Mathematics and language don’t seem to be disciplines as separate as we might imagine them to be. Maths has its own peculiar language (or notation if you prefer) which includes symbols unique to mathematics, such as the ‘=’ symbol.
Maths has its own grammar, shared by mathematicians worldwide regardless of their mother tongue. This includes conventions for writing formulae such as e=mc2.
Mathematical performance seems to be connected in some way to cognitive ability in general. SAT test scores indicate that high performing students tend to excel at both maths and language together; only rarely does a pupil do well in one and very badly in another.
Yet it seems that the regions of the brain responsible for language and math processing are quite separate and distinct. It’s also weird that abilities in maths and language don’t seem to correlate very well with IQ – you can be great at maths yet possess only an average IQ level.
Maths and the mother tongue
It seems that our mother tongue may give us certain advantages when it comes to grappling with mathematics. Our first language seems to impact on how we approach mathematical concepts, possibly by influencing how the problem-solving parts of the brain develop.
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It’s hard to really pin down research in this area because people from different language backgrounds are also impacted by different cultural learning methods. For example, Chinese students are often taught using an abacus, which could help them approach numerical issues in both spatial and visual terms.
A small study reported in the Journal of Experimental Psychology in 2001 seemed to show that students from a Chinese speaking background were better at solving complex maths equations than English speakers from Canada.
In a neuroscientific study using MRI brain scanning to observe a small group of people solving maths problems, results indicated that English speakers were active in parts of the left-hand side of the brain that are related to the meaning of words when doing maths.
In the same study, Chinese speakers seemed to use additional brain regions concerned with the visual appearance and physical manipulation of numbers.
It’s possible that the way the Chinese language expresses language (such as representing twenty-one as ‘two ten one’) makes Chinese speakers less reliant on language-processing parts of the brain.
The way that Chinese numbers are named seems to support easier learning compared to a language such as English. The Chinese language is structured in a way that supports efficient calculations. Once you learn Chinese for 1 to 10, then you can count up to 99 before you need to learn a new word.
In Britain, ‘thirty’ is a new word for a young child to learn. In China, they just need to know ‘three-thirty’. ‘Eleven’ is ‘ten-one’ in Chinese (and in Japanese and Korean too). The language supports mathematical understanding. That’s perhaps why 4-year-old Chinese speakers can usually count higher than their English equivalents.
The Chinese language also seems to support the understanding of the concept of fractions. ‘Fifty per cent’ is an odd mishmash of English and French language root. In Chinese, it translates much more literally as ’50 out of 100’.
Where we say ’three-fifths’, a rather odd and Victorian-sounding phrasing for 3/5, Chinese speakers say ‘out of five parts, take three.’ It’s much more literal and supports a visual understanding of fractions.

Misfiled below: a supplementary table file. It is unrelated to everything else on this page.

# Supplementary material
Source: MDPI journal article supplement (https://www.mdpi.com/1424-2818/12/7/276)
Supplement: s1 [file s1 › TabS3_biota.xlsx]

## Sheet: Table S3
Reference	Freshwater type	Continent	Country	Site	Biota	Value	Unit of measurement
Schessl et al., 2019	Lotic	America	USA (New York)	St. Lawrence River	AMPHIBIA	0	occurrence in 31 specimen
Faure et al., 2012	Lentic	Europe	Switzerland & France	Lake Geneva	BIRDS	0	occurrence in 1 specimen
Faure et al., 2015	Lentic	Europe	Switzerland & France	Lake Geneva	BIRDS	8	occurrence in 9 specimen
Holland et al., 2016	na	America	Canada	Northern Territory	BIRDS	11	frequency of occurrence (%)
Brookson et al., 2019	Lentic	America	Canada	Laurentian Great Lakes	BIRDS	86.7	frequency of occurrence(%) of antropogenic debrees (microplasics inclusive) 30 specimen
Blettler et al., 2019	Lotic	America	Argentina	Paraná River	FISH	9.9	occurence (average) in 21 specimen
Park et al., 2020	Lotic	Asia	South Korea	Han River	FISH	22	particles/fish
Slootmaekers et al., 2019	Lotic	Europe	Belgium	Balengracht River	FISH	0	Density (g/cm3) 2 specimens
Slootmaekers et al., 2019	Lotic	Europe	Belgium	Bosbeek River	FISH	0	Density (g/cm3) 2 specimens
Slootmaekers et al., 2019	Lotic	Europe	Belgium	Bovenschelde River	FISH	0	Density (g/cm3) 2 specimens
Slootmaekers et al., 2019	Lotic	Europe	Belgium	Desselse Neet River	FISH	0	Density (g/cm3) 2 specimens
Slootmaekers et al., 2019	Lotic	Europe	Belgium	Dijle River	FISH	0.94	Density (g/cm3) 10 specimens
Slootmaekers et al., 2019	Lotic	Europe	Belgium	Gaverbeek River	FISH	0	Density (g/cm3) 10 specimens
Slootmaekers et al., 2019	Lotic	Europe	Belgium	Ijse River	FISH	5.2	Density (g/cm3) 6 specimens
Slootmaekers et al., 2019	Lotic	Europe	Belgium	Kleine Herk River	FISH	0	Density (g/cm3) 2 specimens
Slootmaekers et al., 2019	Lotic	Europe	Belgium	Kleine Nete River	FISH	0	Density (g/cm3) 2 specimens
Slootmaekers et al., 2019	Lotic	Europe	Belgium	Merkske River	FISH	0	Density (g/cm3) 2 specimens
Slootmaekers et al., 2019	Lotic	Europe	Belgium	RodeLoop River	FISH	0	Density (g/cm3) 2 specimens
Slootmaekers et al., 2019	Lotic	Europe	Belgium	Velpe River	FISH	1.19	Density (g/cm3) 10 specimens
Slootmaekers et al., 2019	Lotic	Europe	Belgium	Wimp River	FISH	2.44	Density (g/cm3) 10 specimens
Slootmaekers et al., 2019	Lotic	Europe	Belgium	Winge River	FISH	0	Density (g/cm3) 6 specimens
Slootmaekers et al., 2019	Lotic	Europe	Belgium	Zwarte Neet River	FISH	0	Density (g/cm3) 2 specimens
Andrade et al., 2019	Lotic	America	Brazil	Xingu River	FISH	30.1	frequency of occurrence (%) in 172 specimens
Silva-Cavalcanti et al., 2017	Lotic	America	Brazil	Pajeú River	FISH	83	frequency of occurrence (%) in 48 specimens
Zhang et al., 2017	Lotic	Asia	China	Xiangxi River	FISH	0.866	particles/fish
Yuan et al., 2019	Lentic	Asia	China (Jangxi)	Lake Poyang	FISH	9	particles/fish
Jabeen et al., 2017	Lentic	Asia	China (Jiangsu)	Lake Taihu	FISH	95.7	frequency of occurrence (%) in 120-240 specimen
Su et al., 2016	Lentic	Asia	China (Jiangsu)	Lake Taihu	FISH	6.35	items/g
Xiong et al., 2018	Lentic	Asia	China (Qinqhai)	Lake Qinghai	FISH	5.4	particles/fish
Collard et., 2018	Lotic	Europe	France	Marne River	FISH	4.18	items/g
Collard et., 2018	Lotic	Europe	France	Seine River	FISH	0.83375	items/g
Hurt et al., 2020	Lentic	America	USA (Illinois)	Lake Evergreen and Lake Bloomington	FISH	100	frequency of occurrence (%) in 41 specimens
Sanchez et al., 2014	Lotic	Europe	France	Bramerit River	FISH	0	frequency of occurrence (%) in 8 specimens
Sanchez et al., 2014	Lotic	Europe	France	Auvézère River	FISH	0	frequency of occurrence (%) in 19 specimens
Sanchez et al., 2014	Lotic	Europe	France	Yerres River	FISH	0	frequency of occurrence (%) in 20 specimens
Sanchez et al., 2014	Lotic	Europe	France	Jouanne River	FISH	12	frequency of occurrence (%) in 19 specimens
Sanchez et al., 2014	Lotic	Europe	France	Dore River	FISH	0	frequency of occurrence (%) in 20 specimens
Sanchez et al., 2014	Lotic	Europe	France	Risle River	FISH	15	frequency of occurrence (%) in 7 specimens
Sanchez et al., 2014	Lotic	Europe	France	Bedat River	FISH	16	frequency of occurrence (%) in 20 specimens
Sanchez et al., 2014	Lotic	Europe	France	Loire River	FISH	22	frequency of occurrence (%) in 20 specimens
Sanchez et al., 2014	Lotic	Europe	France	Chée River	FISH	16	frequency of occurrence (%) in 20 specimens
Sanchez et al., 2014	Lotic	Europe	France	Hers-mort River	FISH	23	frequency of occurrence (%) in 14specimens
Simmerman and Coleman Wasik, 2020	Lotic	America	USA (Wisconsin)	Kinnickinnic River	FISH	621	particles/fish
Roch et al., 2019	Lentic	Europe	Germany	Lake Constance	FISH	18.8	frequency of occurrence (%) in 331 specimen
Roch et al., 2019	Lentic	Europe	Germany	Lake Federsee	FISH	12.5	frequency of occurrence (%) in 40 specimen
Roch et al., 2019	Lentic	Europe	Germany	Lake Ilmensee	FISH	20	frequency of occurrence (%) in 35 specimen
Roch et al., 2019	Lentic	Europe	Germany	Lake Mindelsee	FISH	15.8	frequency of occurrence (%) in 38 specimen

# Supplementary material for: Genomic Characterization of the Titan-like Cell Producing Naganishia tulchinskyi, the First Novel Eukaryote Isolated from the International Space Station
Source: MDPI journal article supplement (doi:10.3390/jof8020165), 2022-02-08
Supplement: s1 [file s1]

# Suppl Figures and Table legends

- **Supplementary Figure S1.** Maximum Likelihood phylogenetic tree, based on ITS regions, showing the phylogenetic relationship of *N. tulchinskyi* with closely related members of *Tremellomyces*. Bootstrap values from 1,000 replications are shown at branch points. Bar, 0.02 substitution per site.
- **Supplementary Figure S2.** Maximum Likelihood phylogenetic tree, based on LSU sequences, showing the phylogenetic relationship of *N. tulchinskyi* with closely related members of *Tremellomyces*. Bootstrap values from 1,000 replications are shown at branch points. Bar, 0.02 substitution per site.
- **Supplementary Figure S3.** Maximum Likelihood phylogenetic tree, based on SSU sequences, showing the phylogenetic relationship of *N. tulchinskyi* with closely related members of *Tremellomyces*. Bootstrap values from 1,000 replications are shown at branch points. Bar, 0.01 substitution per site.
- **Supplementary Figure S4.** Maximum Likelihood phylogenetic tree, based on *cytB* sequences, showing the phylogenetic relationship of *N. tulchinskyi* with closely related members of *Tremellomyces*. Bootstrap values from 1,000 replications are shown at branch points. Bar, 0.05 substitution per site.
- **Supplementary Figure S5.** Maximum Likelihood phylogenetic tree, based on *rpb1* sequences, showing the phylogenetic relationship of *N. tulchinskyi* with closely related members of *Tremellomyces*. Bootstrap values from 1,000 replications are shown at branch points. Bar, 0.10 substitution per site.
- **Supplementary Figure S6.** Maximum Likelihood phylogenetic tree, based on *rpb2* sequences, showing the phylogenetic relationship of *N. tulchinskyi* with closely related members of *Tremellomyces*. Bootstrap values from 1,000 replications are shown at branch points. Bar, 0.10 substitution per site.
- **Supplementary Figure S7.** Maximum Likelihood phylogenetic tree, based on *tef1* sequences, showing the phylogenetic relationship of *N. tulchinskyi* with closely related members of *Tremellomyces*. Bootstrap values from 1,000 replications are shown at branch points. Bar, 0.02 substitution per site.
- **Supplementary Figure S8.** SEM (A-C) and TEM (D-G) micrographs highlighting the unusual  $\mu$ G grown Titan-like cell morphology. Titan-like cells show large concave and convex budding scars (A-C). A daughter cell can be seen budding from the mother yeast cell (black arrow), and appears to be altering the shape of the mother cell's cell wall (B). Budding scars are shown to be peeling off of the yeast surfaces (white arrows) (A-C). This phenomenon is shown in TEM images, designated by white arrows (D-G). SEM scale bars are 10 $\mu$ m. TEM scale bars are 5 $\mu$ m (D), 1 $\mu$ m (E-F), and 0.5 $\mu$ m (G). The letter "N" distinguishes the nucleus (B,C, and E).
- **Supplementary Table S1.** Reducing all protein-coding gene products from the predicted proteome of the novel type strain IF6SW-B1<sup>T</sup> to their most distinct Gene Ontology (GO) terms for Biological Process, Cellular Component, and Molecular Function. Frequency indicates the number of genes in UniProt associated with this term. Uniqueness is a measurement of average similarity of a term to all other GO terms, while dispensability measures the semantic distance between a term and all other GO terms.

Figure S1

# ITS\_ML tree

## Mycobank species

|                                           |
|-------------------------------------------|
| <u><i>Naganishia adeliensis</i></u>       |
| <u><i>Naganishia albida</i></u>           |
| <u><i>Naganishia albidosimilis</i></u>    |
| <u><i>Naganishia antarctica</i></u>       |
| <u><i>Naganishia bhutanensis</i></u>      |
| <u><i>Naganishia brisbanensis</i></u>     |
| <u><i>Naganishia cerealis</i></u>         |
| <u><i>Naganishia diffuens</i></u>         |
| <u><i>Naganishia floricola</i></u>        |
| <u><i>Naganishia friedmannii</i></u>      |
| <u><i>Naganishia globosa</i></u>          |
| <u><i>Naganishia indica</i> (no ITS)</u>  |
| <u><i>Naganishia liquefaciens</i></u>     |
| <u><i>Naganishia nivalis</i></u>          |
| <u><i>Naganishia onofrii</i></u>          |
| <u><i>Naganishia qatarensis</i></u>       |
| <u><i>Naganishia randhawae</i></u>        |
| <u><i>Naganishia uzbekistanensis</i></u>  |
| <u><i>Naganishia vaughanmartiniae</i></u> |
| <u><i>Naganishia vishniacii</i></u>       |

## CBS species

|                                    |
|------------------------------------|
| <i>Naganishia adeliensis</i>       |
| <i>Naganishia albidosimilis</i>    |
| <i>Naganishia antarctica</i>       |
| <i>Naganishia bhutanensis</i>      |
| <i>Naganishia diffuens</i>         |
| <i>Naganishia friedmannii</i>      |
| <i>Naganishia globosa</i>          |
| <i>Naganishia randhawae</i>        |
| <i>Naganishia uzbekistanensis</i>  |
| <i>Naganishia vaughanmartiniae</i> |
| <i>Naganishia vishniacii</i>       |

These differences may seem small but when it comes to cognitive load and class time, they can make a big difference. Children in English speaking classrooms will need to learn how to spell tricky words like ‘forty’ (which isn’t spelled ‘fourty’ as might be expected).
It adds to the mental load and fear of failure. Chinese only has nine number names, while English has more than two dozen unique number words with their own quirky spellings. By the time British children have learnt how to spell ‘eleven’, Chinese children are already racing ahead.
Japanese, Korean and Turkish also express numerical words much more simply than English. When Turkish-speaking children were taught a numbered board game they advanced in their counting skills more quickly than English-speaking Canadians, despite the fact the Turkish children had previously had less maths tuition.
In a related study, Turkish schoolchildren learning to count in their native language advanced more quickly than Canadian schoolchildren learning in English.
China, Taiwan, Hong Kong, South Korea, and Japan regularly star in the top ten for international maths performance, with the UK and the US coming in at positions 27 and 39 respectively.
Short of reconfiguring the way we name our numbers, what’s the solution? It seems effort also plays a part in outcomes. Consider the fact Chinese schools don’t have long holidays like UK schools, which means Chinese children could simply be spending more weeks a year studying maths.
Parental expectations and input into maths learning in early years may also be helpful to development.
Some elements of Chinese maths success could be implemented at class level. There’s an argument for using abaci in the classroom, and for using Chinese teaching techniques such as “maths mastery”, where the whole class focuses on one aspect of a maths problem and doesn’t progress until everyone understands it.
Lessons are shorter than the UK standard and employ a collective mindset. It seems that there may be more to Chinese maths success than just its language foundation.